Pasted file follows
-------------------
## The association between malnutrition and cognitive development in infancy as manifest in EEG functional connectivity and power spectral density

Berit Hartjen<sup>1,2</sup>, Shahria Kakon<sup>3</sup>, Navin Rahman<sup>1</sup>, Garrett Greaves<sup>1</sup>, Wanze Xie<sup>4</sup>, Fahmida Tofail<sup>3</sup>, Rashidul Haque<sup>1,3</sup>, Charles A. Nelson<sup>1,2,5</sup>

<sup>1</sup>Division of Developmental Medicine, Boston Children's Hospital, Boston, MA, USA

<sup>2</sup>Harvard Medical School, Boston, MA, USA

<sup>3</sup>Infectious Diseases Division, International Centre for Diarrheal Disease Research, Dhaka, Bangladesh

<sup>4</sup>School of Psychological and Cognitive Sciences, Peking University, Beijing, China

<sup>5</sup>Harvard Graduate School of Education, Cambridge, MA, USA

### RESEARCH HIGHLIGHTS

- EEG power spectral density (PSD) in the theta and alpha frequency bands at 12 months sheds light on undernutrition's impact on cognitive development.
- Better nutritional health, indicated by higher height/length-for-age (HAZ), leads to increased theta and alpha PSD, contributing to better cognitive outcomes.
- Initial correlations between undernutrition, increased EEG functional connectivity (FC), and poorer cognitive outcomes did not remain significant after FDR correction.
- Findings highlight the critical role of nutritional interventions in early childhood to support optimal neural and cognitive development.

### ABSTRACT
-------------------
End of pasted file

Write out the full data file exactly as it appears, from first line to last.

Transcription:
## The association between malnutrition and cognitive development in infancy as manifest in EEG functional connectivity and power spectral density

Berit Hartjen<sup>1,2</sup>, Shahria Kakon<sup>3</sup>, Navin Rahman<sup>1</sup>, Garrett Greaves<sup>1</sup>, Wanze Xie<sup>4</sup>, Fahmida Tofail<sup>3</sup>, Rashidul Haque<sup>1,3</sup>, Charles A. Nelson<sup>1,2,5</sup>

<sup>1</sup>Division of Developmental Medicine, Boston Children's Hospital, Boston, MA, USA

<sup>2</sup>Harvard Medical School, Boston, MA, USA

<sup>3</sup>Infectious Diseases Division, International Centre for Diarrheal Disease Research, Dhaka, Bangladesh

<sup>4</sup>School of Psychological and Cognitive Sciences, Peking University, Beijing, China

<sup>5</sup>Harvard Graduate School of Education, Cambridge, MA, USA

### RESEARCH HIGHLIGHTS

- EEG power spectral density (PSD) in the theta and alpha frequency bands at 12 months sheds light on undernutrition's impact on cognitive development.
- Better nutritional health, indicated by higher height/length-for-age (HAZ), leads to increased theta and alpha PSD, contributing to better cognitive outcomes.
- Initial correlations between undernutrition, increased EEG functional connectivity (FC), and poorer cognitive outcomes did not remain significant after FDR correction.
- Findings highlight the critical role of nutritional interventions in early childhood to support optimal neural and cognitive development.

### ABSTRACT